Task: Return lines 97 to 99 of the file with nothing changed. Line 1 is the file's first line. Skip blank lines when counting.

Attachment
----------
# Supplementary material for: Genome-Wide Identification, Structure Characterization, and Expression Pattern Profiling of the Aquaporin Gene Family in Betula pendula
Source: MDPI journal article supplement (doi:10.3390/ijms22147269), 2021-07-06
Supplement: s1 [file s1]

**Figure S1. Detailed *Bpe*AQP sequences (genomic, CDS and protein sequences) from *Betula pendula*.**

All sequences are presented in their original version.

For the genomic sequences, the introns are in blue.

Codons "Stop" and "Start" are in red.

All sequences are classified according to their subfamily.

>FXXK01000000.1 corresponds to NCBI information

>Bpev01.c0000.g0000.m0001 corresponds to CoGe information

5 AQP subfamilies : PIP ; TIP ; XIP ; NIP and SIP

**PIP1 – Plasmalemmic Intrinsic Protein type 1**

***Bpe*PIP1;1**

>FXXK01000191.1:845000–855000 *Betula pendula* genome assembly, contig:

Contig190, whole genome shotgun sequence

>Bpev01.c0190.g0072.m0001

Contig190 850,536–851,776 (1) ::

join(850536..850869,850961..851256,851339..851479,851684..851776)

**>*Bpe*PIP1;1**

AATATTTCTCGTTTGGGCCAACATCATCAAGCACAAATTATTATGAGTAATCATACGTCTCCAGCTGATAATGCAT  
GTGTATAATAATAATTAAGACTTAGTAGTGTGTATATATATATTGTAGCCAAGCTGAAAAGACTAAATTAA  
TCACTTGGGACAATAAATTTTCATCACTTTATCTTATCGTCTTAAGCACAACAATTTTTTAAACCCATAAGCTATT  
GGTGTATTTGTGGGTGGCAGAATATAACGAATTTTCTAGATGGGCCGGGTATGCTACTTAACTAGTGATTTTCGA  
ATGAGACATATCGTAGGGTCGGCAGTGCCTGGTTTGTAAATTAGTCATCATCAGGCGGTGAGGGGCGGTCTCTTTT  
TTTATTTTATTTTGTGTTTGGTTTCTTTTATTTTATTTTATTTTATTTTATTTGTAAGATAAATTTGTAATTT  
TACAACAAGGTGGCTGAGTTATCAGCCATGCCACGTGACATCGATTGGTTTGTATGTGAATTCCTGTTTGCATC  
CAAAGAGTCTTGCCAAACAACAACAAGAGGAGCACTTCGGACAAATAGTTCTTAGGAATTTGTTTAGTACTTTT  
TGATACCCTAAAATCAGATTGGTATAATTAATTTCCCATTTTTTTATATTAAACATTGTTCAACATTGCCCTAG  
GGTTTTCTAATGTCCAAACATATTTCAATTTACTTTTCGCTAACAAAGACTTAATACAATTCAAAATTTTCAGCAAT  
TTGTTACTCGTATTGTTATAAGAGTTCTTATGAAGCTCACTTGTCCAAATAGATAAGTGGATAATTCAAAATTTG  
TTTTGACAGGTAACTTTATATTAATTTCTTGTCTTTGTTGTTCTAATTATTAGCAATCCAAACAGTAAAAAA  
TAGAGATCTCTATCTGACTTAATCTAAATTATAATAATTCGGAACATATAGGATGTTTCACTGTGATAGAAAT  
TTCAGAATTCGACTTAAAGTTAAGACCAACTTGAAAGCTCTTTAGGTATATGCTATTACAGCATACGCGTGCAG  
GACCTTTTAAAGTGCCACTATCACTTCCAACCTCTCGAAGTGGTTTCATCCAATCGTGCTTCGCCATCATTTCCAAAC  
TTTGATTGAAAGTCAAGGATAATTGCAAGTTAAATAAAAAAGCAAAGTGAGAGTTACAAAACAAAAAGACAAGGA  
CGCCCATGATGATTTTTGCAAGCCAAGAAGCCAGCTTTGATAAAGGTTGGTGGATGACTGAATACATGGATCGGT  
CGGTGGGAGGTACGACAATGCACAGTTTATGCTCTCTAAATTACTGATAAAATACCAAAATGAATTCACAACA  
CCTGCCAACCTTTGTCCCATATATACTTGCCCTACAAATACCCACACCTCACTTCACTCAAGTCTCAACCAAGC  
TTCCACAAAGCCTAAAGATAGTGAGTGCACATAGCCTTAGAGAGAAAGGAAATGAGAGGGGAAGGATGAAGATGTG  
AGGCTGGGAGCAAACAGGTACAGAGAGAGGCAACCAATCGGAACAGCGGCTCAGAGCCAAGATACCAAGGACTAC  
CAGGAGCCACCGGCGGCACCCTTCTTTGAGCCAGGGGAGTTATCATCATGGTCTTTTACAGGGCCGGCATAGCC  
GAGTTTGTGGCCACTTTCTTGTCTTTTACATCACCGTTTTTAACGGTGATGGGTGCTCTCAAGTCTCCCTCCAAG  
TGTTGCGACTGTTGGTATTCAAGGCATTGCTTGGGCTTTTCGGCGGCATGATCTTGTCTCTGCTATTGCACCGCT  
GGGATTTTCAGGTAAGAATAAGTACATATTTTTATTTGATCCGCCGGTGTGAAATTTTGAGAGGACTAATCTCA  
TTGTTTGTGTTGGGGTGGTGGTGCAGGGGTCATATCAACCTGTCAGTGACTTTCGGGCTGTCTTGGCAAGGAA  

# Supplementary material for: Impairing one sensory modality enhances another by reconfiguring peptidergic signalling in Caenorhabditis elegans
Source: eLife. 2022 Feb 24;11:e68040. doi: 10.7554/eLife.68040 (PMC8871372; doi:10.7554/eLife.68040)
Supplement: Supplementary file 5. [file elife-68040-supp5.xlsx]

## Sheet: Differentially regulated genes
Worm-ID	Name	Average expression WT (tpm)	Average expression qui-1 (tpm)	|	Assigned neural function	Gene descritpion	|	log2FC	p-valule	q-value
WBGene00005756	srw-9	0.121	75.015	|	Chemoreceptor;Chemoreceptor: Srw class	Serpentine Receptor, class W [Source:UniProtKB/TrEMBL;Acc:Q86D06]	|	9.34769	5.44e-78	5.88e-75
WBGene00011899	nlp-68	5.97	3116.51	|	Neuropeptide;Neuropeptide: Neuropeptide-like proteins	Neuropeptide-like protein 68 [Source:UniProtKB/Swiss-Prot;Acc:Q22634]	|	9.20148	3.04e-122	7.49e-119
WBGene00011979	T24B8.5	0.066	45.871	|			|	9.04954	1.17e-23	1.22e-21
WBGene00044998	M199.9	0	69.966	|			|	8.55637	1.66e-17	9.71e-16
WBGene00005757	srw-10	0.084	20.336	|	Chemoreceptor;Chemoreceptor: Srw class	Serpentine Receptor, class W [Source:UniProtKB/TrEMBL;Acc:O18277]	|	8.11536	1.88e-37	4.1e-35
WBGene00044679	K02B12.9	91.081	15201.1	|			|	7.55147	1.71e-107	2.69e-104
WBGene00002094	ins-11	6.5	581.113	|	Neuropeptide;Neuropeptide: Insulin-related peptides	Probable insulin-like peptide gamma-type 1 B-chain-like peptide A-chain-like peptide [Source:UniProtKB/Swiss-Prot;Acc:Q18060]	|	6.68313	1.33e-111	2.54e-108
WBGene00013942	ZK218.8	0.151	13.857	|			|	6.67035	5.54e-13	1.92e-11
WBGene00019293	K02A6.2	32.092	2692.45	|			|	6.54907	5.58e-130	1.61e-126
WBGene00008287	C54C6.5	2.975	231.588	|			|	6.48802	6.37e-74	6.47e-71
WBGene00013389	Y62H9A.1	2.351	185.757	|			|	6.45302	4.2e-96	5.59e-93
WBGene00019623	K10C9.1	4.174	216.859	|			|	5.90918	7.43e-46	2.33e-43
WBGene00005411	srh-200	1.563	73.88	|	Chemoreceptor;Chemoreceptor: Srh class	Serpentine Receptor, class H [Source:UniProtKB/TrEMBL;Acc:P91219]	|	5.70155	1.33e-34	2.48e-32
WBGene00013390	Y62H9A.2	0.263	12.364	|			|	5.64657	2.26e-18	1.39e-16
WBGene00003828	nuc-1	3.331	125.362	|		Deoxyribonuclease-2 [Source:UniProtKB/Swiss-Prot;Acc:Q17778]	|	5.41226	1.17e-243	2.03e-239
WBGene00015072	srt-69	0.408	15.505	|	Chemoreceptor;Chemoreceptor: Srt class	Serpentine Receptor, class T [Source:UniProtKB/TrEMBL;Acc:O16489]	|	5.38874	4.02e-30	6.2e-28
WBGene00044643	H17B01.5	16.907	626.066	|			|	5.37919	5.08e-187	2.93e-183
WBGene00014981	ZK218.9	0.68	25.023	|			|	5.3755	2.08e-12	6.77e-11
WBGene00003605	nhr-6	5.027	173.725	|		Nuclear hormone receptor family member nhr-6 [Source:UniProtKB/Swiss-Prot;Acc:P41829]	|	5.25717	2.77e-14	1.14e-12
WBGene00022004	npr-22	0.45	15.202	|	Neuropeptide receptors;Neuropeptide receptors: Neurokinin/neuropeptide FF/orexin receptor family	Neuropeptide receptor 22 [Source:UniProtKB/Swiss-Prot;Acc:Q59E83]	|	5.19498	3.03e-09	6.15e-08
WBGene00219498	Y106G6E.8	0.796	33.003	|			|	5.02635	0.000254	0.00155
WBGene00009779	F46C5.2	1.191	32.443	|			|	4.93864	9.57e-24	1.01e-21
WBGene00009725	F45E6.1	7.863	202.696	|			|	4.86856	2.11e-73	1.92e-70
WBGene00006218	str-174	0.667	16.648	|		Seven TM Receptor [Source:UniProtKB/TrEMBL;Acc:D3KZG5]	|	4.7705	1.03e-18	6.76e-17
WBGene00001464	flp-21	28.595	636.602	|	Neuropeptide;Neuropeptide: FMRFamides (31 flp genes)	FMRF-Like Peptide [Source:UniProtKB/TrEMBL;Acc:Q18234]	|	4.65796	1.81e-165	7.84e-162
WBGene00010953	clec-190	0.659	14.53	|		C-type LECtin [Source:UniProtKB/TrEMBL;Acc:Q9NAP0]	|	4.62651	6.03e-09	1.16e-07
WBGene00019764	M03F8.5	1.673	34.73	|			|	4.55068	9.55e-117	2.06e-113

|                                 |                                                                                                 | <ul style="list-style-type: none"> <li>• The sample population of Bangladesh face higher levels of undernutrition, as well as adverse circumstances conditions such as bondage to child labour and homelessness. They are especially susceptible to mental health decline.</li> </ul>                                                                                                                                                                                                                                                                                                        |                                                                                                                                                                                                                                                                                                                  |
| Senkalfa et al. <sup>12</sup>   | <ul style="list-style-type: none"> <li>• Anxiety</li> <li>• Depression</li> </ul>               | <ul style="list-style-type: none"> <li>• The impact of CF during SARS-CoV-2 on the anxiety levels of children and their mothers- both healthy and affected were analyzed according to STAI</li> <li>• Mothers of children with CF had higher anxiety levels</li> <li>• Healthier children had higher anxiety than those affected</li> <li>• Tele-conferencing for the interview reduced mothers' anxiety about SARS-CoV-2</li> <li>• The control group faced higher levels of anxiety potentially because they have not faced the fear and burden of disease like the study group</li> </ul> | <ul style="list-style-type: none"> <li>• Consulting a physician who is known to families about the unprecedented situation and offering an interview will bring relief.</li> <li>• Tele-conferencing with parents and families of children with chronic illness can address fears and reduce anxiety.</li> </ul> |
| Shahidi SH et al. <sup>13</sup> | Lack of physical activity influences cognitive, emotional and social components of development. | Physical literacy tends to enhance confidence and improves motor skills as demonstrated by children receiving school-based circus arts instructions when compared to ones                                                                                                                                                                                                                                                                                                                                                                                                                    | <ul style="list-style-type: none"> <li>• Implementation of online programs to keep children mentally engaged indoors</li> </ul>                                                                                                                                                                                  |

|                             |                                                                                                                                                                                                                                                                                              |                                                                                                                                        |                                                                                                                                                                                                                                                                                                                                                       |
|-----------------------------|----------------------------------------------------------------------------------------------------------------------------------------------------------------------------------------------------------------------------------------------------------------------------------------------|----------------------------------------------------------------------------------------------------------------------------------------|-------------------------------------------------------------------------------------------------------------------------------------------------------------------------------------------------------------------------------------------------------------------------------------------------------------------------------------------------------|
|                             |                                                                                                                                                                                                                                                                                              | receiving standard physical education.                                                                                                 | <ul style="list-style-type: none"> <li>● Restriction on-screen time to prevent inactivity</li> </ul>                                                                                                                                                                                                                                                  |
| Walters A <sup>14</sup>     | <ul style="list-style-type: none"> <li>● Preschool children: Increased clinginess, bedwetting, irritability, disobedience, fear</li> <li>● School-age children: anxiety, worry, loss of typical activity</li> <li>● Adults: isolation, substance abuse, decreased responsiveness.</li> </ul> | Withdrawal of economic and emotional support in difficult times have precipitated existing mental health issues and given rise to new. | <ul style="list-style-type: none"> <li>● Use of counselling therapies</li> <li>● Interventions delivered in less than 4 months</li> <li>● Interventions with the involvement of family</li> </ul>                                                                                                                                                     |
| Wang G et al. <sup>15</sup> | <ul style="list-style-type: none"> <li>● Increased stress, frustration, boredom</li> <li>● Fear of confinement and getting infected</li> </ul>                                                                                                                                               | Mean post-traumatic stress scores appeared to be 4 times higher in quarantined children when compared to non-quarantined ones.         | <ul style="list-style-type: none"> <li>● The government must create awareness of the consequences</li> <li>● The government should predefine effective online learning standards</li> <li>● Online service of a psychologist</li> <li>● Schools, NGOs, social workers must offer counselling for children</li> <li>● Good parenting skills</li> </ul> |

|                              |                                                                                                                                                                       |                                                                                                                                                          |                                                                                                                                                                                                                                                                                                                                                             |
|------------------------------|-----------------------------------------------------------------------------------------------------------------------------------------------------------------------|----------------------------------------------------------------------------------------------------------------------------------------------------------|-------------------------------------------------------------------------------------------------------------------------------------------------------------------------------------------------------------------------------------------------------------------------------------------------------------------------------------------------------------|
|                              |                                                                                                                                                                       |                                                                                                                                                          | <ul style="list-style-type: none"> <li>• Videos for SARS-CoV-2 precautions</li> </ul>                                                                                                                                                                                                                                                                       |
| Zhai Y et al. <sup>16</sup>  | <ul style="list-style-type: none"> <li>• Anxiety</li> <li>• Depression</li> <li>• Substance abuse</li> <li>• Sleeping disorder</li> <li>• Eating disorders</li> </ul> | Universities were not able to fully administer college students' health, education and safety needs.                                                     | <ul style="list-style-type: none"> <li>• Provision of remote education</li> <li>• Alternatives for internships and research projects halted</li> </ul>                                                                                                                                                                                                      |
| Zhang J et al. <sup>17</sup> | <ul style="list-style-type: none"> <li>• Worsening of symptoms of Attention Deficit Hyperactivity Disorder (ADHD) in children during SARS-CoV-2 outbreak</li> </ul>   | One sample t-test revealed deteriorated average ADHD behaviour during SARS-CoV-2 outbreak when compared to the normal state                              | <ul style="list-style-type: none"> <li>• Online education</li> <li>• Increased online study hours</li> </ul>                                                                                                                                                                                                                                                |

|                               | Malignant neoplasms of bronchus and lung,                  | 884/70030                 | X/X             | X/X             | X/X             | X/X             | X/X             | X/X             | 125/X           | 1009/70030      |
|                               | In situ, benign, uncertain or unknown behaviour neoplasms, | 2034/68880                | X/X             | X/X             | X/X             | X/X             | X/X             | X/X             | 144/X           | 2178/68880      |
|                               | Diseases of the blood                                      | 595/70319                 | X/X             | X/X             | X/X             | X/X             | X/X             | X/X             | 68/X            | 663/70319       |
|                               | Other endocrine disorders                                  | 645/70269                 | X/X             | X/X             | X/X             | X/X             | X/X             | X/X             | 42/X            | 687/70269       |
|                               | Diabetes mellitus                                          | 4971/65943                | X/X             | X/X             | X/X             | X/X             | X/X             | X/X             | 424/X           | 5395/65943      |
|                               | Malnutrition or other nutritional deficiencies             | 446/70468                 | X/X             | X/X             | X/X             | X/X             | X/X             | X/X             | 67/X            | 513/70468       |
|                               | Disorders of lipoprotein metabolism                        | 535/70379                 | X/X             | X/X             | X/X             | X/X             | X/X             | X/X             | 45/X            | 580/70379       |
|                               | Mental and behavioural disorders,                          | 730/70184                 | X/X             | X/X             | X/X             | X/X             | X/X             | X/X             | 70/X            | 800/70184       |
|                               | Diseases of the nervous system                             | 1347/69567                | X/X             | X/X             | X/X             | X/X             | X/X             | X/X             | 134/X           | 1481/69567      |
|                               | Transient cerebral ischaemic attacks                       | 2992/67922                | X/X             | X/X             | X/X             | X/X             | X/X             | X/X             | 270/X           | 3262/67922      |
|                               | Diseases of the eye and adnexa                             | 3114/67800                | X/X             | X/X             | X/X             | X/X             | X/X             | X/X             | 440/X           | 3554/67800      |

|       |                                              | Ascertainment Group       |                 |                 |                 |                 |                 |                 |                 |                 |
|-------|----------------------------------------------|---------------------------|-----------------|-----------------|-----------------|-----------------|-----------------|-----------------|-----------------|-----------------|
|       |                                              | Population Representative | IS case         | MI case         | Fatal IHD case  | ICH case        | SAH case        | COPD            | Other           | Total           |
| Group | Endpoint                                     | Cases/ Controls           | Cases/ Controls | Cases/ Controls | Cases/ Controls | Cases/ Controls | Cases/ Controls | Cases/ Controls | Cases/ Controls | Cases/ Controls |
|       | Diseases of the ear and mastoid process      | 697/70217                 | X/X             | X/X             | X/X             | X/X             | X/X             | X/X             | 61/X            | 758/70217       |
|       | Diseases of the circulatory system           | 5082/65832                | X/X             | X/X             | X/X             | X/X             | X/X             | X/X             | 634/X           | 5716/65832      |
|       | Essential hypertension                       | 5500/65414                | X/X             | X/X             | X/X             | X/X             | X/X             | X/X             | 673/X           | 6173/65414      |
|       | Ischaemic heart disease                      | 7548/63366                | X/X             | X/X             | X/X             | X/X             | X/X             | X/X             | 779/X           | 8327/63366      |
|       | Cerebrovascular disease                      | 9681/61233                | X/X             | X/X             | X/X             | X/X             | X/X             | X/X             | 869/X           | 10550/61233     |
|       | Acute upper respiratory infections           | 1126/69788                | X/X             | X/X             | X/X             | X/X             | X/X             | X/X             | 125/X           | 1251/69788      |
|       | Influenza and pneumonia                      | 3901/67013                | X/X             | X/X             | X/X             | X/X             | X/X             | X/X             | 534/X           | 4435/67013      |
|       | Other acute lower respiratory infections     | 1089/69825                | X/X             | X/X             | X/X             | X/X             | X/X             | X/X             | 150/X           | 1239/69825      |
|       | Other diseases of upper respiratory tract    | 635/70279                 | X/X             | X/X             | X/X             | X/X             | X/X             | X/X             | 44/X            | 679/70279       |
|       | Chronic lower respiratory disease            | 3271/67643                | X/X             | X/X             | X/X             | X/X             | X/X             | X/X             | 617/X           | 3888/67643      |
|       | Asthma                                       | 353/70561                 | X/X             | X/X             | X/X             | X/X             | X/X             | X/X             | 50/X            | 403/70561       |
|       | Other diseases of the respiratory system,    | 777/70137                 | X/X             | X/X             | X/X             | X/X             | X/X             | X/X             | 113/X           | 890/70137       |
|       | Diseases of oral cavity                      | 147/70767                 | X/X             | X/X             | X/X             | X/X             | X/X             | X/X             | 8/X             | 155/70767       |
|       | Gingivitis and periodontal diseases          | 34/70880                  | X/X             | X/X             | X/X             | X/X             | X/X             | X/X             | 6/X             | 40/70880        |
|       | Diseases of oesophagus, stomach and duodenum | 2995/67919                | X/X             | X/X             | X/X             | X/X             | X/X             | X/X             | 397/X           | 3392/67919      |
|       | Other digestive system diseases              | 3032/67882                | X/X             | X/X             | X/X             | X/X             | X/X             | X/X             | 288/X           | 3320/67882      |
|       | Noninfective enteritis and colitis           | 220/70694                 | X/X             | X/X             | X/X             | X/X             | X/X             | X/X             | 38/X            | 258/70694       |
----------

|                               | Disorders of lipoprotein metabolism                        | 535/70379                 | X/X             | X/X             | X/X             | X/X             | X/X             | X/X             | 45/X            | 580/70379       |
|                               | Mental and behavioural disorders,                          | 730/70184                 | X/X             | X/X             | X/X             | X/X             | X/X             | X/X             | 70/X            | 800/70184       |
|                               | Diseases of the nervous system                             | 1347/69567                | X/X             | X/X             | X/X             | X/X             | X/X             | X/X             | 134/X           | 1481/69567      |